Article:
Although he barely speaks, the movie keeps coming back to Farrier. He is the movie’s most “heroic” character. But the movie also reframes the very idea of heroism. Farrier is seen from the view of other characters, as an almost mythical creature sweeping in to save them and then leaving just as quickly as he arrived. And no one really knows who he is or what becomes of him. This serves as a painful reminder that not all heroes get ticker tape parades. Many aren’t remembered or even known about outside of the group of people who were there.

Much has been said about the fact that this is Christopher Nolan’s first war movie, a historically based one, no less. But it should be noted that this is a Christopher Nolan movie first and a war movie second. While it’s often tempting for war movies to center on one heroic character, Dunkirk is more interested in conveying what it means to be a small cog in a very large machine.

In fact, Nolan sidesteps a lot of the war movie conventions. There is very little actual “fighting.” Most of the action viewers expect from a war movie is limited to the aerial dogfights. Dunkirk isn’t about “winning” or “good” triumphing over “evil.” It’s simply about people trying to survive.

One of the most popular clichés war movies embrace is the use of the general or leader giving inspiring speeches to the masses. But Dunkirk subverts that notion in a very interesting manner. It doesn’t have a big name actor portray Winston Churchill to deliver the famous “We shall fight on the beaches…” speech. Instead it is read, almost in passing, by a one of the soldiers off a newspaper.

It might not seem like a big deal but there is actually something very powerful about this scene. And it highlights one of the movie’s main goals. It tries to make us reframe how we think of wars. When we look back on history we often see it in the broad stokes and think of a war as one big event. But the truth is that it’s made up of many small things and people we don’t remember. And by having a seemingly inconsequential character read the speech to his fellow soldier, and by extension the audience, the movie seeks to give credit to the people who actually fought the war, not the leaders who gave speeches.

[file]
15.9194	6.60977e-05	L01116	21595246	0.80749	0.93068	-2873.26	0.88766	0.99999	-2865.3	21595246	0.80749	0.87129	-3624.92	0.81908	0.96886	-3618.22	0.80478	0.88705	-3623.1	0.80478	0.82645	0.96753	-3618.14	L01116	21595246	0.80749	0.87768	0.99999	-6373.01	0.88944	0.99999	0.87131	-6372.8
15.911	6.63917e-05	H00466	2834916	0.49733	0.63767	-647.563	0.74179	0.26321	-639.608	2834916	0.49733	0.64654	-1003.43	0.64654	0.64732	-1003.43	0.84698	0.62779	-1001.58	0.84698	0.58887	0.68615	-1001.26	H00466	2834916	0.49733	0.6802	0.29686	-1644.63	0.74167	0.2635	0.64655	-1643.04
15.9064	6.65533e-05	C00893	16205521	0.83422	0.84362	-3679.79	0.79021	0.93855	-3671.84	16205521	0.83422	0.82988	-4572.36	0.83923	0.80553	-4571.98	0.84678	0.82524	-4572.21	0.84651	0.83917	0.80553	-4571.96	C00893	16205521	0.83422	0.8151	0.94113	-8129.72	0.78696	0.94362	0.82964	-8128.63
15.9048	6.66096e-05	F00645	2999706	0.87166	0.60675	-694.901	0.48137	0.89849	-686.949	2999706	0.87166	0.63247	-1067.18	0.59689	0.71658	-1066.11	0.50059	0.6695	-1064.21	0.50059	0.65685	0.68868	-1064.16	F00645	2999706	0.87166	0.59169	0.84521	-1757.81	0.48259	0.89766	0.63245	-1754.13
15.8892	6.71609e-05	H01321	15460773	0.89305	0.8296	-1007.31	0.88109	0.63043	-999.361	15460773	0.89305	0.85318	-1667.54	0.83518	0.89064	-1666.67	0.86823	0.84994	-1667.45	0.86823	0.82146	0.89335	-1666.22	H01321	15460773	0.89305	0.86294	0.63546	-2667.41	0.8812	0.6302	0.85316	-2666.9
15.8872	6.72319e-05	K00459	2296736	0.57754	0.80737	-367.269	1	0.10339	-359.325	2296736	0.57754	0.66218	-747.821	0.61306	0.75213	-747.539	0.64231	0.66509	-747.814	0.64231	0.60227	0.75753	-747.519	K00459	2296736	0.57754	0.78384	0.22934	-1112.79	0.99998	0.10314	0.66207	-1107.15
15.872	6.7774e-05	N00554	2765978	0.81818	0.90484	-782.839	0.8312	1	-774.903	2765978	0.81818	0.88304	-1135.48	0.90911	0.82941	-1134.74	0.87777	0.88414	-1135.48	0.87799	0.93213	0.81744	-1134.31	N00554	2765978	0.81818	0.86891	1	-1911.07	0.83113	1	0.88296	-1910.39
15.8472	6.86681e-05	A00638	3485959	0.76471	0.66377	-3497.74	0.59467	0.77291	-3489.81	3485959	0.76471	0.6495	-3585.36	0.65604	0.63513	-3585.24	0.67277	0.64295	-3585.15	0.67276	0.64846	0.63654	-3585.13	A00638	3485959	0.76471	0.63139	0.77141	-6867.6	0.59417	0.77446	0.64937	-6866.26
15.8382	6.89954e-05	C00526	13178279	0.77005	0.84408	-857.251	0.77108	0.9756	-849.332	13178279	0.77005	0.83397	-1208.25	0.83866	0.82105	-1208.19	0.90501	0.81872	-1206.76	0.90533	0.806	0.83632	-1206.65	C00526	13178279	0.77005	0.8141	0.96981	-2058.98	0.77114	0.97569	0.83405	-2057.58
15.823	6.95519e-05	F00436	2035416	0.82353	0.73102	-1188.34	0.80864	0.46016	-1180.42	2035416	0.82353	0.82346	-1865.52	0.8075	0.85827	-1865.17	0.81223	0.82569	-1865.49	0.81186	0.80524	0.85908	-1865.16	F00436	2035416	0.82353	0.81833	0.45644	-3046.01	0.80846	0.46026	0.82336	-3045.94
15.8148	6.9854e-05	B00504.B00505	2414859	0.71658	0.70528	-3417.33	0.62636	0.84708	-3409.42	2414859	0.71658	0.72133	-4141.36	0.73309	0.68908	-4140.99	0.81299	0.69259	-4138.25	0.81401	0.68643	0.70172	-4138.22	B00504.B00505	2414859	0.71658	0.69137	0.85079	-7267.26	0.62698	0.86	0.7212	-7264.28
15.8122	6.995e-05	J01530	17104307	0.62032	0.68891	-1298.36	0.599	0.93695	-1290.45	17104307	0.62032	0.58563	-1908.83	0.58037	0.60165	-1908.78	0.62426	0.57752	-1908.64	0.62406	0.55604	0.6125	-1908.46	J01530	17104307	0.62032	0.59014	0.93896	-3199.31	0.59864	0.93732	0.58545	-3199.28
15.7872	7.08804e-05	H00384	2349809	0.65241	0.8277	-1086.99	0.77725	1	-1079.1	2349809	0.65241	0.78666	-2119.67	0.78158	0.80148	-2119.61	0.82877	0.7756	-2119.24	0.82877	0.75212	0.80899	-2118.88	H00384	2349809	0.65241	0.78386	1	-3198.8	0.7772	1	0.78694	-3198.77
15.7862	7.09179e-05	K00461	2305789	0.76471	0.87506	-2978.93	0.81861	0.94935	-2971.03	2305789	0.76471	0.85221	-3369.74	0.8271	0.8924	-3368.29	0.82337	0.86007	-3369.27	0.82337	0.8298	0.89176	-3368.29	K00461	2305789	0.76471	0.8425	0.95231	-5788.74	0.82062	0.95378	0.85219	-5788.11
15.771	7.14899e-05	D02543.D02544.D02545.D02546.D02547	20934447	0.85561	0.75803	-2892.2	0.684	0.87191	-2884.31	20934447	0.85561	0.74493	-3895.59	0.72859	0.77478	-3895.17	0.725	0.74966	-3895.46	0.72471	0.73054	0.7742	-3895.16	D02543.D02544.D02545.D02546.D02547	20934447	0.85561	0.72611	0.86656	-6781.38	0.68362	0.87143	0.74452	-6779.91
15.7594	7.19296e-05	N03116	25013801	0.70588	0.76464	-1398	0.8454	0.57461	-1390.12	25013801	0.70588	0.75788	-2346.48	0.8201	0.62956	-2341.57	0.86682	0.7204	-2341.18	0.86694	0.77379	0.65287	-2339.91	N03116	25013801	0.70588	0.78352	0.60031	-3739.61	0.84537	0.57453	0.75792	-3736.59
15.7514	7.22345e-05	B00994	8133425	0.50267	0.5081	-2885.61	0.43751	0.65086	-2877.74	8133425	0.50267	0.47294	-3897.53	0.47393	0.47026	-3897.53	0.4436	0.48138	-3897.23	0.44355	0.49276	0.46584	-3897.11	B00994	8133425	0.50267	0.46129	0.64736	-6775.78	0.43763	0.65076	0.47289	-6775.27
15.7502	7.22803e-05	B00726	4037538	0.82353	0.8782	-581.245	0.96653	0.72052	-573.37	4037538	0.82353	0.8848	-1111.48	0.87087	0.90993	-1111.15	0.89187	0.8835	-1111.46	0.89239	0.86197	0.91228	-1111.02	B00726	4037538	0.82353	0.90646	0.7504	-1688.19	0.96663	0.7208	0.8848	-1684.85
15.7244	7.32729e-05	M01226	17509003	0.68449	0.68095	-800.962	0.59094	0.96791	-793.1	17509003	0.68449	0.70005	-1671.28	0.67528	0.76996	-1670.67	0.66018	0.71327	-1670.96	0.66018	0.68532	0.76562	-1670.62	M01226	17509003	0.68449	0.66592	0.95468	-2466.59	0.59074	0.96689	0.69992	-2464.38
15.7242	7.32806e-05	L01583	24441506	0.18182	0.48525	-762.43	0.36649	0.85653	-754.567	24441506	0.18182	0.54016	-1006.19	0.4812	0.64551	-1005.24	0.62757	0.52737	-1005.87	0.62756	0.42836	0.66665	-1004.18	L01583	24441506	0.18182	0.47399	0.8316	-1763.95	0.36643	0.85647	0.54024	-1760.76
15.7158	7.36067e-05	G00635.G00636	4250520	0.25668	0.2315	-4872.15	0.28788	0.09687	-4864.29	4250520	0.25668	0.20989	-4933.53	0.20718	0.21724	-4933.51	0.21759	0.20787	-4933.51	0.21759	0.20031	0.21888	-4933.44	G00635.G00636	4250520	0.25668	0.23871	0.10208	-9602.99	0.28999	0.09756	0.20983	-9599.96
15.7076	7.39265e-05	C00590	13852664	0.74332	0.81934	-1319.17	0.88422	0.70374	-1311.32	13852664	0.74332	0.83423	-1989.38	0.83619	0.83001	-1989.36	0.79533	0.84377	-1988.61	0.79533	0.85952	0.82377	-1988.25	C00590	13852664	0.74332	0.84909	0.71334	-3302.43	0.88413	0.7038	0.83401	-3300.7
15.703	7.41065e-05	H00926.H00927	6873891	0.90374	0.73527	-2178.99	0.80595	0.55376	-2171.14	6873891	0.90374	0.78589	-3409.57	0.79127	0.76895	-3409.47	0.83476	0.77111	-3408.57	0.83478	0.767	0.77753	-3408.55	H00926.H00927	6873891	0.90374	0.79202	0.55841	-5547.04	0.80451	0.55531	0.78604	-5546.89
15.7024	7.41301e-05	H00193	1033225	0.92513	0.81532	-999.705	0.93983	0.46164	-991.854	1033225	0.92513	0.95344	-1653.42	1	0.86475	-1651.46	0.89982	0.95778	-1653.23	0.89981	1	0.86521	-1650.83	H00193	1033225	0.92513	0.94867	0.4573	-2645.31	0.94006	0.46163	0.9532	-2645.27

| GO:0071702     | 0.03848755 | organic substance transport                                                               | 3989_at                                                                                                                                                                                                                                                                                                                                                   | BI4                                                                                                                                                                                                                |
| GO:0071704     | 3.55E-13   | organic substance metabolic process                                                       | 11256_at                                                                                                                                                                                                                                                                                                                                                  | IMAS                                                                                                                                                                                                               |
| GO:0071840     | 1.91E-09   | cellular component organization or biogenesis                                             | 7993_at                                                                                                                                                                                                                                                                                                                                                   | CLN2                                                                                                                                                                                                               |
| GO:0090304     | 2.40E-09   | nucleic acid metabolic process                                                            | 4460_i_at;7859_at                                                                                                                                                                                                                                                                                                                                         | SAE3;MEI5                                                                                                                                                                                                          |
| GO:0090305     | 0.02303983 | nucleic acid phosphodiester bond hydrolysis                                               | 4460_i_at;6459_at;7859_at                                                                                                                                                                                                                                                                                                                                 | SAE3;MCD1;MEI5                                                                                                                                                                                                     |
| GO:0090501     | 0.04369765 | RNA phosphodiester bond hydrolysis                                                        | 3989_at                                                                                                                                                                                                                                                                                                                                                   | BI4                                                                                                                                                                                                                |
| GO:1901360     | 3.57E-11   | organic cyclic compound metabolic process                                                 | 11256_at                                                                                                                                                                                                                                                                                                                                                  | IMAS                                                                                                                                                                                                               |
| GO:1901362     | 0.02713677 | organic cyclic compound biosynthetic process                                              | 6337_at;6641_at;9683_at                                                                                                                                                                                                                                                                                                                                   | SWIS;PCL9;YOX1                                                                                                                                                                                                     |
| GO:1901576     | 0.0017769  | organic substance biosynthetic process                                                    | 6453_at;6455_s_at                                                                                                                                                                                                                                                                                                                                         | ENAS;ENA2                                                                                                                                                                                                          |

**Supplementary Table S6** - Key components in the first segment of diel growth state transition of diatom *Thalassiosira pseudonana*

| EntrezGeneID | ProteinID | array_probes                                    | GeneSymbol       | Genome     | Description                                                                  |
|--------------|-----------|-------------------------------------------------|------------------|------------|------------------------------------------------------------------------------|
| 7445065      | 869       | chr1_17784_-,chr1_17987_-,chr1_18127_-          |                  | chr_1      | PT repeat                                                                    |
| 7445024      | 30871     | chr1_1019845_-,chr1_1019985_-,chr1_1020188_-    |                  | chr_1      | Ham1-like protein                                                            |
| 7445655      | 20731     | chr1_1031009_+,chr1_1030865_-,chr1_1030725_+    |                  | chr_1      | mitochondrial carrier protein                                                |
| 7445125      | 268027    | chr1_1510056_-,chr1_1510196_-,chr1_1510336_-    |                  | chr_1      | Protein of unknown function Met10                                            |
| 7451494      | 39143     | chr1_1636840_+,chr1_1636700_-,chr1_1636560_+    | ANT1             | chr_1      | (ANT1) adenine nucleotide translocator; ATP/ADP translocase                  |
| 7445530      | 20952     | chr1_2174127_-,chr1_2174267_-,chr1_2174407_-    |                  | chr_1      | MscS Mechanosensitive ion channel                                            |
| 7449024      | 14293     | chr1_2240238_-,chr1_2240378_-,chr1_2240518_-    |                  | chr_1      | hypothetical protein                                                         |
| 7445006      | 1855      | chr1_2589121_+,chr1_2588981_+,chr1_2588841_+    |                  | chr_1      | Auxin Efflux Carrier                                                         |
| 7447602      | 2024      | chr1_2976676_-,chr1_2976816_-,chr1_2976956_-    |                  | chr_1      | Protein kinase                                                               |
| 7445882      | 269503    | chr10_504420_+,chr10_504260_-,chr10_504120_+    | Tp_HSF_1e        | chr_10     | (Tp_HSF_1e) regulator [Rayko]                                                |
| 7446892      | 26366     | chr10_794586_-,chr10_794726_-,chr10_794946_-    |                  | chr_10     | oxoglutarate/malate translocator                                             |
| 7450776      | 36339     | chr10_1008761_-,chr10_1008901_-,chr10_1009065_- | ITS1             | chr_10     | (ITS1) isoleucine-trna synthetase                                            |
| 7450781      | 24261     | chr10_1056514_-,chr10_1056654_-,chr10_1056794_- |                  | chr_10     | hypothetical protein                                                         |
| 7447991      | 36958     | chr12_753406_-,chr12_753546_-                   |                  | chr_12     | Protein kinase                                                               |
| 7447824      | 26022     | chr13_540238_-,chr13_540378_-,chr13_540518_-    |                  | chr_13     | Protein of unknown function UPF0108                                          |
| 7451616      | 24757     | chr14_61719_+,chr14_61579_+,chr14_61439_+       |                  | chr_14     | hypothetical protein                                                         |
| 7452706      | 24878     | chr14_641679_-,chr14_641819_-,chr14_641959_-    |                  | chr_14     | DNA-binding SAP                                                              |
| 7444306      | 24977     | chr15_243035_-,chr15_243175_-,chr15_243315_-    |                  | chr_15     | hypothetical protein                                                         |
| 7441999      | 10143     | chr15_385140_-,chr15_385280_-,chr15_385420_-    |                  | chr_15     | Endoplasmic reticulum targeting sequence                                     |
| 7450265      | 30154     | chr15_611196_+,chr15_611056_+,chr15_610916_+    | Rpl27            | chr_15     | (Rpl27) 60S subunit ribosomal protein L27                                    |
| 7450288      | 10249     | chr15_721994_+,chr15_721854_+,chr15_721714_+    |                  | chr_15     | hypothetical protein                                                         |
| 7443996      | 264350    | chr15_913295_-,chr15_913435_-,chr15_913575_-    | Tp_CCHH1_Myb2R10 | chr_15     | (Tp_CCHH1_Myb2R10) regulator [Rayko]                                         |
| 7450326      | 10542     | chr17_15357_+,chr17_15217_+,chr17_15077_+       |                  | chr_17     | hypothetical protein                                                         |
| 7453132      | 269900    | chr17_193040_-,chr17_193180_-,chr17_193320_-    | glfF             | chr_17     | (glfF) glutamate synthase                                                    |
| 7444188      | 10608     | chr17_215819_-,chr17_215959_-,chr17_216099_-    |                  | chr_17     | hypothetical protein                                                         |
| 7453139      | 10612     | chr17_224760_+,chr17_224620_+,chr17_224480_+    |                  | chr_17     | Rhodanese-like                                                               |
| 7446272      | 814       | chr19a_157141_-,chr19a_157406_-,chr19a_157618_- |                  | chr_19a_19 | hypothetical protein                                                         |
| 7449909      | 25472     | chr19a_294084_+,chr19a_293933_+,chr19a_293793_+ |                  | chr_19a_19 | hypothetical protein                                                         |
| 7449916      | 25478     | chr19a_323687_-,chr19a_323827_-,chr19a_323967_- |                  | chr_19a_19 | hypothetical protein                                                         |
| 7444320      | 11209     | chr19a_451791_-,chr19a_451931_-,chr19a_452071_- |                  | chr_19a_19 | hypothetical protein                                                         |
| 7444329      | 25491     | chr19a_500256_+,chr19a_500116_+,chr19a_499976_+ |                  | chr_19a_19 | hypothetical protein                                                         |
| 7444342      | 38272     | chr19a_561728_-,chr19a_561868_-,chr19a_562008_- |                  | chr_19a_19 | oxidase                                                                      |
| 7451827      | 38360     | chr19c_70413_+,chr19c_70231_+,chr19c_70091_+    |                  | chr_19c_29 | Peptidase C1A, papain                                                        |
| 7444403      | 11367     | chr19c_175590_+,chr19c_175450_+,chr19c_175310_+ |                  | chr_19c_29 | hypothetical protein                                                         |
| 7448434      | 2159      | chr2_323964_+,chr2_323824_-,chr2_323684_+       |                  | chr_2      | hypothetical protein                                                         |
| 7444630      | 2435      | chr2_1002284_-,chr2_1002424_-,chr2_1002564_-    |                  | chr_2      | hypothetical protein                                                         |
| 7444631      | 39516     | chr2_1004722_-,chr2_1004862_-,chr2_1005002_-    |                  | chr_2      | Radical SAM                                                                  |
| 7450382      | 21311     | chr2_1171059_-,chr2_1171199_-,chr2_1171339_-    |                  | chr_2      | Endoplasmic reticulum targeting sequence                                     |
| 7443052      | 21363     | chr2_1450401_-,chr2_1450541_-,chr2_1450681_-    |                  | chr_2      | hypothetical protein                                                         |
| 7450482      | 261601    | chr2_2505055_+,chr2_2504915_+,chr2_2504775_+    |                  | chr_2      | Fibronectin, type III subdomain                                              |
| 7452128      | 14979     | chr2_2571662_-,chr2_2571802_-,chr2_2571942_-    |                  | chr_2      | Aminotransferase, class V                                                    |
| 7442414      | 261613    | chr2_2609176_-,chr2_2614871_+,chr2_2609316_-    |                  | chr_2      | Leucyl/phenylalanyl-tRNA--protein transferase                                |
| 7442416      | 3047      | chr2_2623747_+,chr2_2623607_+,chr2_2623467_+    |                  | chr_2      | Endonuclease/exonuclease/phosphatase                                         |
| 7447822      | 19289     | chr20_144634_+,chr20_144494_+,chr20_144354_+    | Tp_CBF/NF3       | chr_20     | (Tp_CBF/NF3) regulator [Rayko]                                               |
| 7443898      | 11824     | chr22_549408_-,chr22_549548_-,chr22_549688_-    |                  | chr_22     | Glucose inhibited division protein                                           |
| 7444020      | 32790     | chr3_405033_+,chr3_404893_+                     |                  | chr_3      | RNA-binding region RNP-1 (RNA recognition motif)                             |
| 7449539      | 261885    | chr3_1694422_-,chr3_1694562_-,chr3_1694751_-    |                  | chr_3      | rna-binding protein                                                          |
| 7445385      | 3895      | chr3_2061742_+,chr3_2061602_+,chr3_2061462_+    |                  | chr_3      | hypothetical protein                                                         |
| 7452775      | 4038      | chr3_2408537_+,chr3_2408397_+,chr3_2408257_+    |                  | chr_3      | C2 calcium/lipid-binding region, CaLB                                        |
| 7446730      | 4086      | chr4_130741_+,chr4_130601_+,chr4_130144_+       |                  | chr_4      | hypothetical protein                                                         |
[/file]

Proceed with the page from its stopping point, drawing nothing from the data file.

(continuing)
And unlike many WWII movies it resists the urge to be gung ho about the war. It shows that it isn’t exciting or always heroic. In fact, it turns out that Dunkirk isn’t so much a war film as it is a tale of survival. It’s about the basic instinct to survive, the loss of control, the feeling of powerlessness and how we react to it.

For the most part, the movie doesn’t show us the point of view on those causing the damage; we instead see things from the point of view of those who are on the receiving end. It isn’t until the very end when the movie shows Germans at all and even then they remain out of focus.

Like Steven Spielberg, Nolan understands that there is nothing as terrifying as horror unseen. When a small group of soldiers are seeking shelter inside of a beached fishing boat, we don’t actually need to see the bombs going off outside. Because seeing the looks on the faces of the soldiers makes us feel their fear.

The movie is both intimate and larger than life. But perhaps the most impressive thing about the movie is just how much emotional it winds up being. And it’s emotional in a way that sneaks up on you.

It might initially seem that Dunkirk is more interested in creating visual and technical spectacle. But without our realizing it, the movie is slowly and expertly laying down all the pieces of the puzzle until the whole picture is finally revealed. So by the time the dénouement comes around, the movie grabs you by the heart. It’s as moving as it is surprising, but it brings a tear to your eye nevertheless.

-- Felix Quinonez Jr. is an independent comic book creator living in Brooklyn, NY.

His self-published comic books and graphic novel have been sold in stores in NYC and online. He is the co-editor and contributor of a comic book Anthology called Emanata. That book features the work of many other talented creators from all around the country. You can check out his comic books and read more of his writing at